District 4 is the smallest district in Ho Chi Minh City with a total area of 4km2. It’s also the most notorious.
Located next to District 1 and acting as a connection to the suburbs of District 7, despite some well-to-do neighbourhoods, the district still has its own distinctness with old houses interwoven with modern buildings, food carts pushed through tiny alleys or the weathered faces of young boys selling lottery tickets.
Bordered by rivers, Saigon Port is located here and the area has a strong shipping background. It also has a tough reputation, with warnings not to mess with anyone and to be careful of your belongings, as the area was once notorious for criminal gangs and illegal activities. In the 1990s, food delivery motorbikes refused to service District 4 for fear of having the food stolen, along with the motorbike.
District 4 is still the closest place to downtown where you can observe the ordinary daily lives and culture of Vietnamese people.
Land of Fear
When Word photographer Mike Palumbo took to the streets of District 4, he tried to capture these contrasts with his lens. He was searching out the juxtaposition of a dark past and positive present mixed with poverty and wealth and an area undergoing vast structural change.
In the past, District 4 was where the poor from all over the country came to settle, forming slums with plank houses on stilts along the rivers. Adults worked as porters or cyclo drivers; children didn’t go to school, hung out on the streets and became pilferers. Fights for money, robbery and snatching took place almost every day. As Mike discovered, while the negative effects of poverty are disappearing fast, some of this still exists today.
Ranked as the most dangerous street of District 4, Ton Dan, especially Alley 148, was considered as a cradle of criminals and was where Nam Cam, Vietnam’s best-known gang boss, built his crime empire. He ran a criminal system operating gambling dens and fronting hotels and restaurants for prostitution. But he also spread money around the district, which offered him some protection from the local police.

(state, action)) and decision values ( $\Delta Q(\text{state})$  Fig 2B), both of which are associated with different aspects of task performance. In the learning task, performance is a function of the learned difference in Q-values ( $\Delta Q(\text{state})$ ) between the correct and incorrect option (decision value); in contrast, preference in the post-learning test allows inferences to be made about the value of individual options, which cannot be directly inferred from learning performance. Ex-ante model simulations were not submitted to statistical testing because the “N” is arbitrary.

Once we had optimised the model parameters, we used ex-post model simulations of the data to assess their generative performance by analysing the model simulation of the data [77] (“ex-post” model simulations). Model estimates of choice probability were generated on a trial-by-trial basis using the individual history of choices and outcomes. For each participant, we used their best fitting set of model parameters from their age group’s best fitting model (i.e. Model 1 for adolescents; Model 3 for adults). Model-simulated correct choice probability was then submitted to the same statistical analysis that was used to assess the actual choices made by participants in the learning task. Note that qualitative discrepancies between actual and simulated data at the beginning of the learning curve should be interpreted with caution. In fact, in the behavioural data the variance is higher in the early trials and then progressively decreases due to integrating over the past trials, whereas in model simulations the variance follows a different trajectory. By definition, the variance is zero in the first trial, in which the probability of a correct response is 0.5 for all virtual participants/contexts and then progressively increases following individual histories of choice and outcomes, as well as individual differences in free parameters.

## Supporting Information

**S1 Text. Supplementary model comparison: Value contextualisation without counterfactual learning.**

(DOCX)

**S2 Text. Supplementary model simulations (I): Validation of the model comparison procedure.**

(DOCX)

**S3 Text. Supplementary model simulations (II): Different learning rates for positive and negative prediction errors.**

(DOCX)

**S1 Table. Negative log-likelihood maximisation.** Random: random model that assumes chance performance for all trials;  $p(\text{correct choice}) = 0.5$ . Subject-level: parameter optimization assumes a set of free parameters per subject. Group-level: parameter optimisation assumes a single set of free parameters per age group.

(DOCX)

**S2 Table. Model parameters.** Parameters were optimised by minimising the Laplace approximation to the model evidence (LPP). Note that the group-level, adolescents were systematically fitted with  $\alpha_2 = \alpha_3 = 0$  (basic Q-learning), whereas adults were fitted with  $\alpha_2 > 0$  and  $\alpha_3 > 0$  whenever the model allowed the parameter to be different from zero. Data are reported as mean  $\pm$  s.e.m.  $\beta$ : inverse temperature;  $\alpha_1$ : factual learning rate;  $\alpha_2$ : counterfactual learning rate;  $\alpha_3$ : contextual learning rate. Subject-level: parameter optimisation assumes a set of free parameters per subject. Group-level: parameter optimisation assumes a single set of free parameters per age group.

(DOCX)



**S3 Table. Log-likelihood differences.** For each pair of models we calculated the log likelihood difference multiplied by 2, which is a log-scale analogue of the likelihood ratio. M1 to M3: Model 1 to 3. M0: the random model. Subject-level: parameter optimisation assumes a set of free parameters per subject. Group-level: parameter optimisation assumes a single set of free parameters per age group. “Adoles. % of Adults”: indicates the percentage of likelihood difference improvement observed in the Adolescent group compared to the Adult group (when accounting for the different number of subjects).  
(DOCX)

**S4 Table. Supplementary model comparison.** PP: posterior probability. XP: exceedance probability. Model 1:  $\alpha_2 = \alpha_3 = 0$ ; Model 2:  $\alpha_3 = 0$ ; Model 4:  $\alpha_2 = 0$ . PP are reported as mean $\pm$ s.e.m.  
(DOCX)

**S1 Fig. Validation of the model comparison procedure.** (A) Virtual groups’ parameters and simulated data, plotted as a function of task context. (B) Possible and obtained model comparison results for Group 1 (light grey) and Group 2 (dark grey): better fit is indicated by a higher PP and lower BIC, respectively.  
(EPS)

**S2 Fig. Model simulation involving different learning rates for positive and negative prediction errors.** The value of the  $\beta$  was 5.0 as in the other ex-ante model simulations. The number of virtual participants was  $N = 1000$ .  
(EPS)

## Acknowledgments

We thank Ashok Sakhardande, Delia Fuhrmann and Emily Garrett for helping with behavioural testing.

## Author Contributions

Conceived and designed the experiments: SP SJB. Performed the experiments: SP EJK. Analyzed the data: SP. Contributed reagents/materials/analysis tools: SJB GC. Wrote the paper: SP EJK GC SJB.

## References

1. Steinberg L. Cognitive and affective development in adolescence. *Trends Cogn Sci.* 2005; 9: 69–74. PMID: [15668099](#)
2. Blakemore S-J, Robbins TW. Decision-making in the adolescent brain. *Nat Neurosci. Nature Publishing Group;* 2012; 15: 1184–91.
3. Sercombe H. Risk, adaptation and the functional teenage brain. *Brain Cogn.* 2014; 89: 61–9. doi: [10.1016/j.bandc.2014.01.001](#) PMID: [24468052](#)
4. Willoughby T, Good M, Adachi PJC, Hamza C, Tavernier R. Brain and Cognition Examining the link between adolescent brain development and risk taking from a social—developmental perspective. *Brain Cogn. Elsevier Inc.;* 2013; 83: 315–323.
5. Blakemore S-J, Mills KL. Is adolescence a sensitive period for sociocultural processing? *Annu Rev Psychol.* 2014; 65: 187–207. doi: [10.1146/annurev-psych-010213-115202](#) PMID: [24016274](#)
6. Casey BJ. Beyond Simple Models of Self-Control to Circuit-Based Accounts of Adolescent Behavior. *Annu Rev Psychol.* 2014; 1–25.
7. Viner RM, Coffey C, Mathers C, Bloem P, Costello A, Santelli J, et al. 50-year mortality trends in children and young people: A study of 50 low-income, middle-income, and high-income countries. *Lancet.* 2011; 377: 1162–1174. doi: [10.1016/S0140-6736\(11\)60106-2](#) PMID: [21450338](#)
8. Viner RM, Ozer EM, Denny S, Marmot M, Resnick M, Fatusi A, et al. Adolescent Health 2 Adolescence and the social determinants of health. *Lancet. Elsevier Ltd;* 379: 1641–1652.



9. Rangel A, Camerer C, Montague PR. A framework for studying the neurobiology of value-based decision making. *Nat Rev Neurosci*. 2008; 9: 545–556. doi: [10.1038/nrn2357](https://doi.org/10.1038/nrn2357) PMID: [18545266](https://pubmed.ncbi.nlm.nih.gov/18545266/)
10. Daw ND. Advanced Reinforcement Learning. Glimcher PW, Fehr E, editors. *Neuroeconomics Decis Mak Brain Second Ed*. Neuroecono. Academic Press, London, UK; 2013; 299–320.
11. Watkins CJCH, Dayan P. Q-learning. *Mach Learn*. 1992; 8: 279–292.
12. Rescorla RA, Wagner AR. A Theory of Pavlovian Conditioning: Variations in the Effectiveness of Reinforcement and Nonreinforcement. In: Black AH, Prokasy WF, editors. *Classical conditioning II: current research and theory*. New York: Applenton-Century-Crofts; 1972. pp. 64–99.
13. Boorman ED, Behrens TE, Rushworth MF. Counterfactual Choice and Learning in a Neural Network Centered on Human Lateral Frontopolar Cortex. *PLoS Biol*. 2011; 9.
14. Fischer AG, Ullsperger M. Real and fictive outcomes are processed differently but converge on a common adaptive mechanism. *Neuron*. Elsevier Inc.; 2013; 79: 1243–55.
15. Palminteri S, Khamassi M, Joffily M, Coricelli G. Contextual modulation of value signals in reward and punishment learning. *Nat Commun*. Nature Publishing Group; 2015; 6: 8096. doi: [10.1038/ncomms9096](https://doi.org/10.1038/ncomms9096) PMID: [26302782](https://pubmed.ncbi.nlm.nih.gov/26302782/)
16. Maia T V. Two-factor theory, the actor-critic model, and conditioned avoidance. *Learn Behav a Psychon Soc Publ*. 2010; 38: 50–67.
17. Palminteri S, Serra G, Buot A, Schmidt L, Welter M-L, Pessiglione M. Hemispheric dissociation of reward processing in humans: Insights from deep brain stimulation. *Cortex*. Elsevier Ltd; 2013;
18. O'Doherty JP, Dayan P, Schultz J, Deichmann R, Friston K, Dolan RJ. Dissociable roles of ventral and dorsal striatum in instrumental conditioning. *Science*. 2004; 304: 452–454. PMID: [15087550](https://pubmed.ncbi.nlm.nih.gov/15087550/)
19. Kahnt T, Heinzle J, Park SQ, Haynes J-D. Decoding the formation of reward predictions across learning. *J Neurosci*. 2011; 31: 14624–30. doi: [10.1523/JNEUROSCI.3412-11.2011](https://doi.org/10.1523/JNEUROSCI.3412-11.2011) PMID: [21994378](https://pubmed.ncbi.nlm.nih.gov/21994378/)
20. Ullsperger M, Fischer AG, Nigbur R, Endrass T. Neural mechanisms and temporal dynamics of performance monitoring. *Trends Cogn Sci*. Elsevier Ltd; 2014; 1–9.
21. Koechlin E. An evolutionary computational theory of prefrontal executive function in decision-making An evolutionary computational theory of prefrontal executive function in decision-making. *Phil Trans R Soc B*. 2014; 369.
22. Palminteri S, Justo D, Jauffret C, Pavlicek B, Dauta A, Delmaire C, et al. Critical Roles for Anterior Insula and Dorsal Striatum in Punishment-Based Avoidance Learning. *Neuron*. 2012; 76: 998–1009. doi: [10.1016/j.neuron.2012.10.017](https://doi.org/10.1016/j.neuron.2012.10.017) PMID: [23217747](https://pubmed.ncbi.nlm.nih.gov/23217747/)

In October 2003, Nam Cam was arrested and convicted of the assassination of Dung Ha — a rival gangster from Hai Phong — as well as other criminal activities. His high-profile trial in the Ho Chi Minh City’s People’s Court ended with the death sentence and he was executed by firing squad a year later.
Move on 13 years and if there is a legacy to the Al Capone-like activities of Nam Cam, then it is difficult to see. The mafia past is all but gone.
The Current District 4
As Mike’s photos show, District 4 today is far safer. It’s also become well-known as a place to eat seafood. Vinh Khanh is a great place to sample some crustacean fare as seafood restaurants run all the way down the street. Street snacks are also big in District 4, with vendors selling the likes of che (sweet soup), banh xeo, bot chien, agar-agar jelly, xoi (sticky rice) and little cream puffs on Doan Van Bo or Xom Chieu.
Another highlight is the old architecture. You can either drive straight to the Ho Chi Minh Museum or park your bike somewhere and have a walk on Mong Bridge. While the museum was built in 1862 and marks the spot where Ho Chi Minh left Vietnam to go to France at the start of his 30-year journey around the world, the bridge was built in 1893. Other old architectural sites include Xom Chieu Market, Khanh Hoi Temple, Vinh Hoi Temple and Xom Chieu Church.
If you are looking for those plank houses, the shanty-town like constructions of the past, then head to Ton That Thuyet. Here you will see children playing and adults smiling despite the lack of clean water, daily basic needs and the polluted environment. It’s when you head to places like this that you realise your life is blessed.
Photos by Mike Palumbo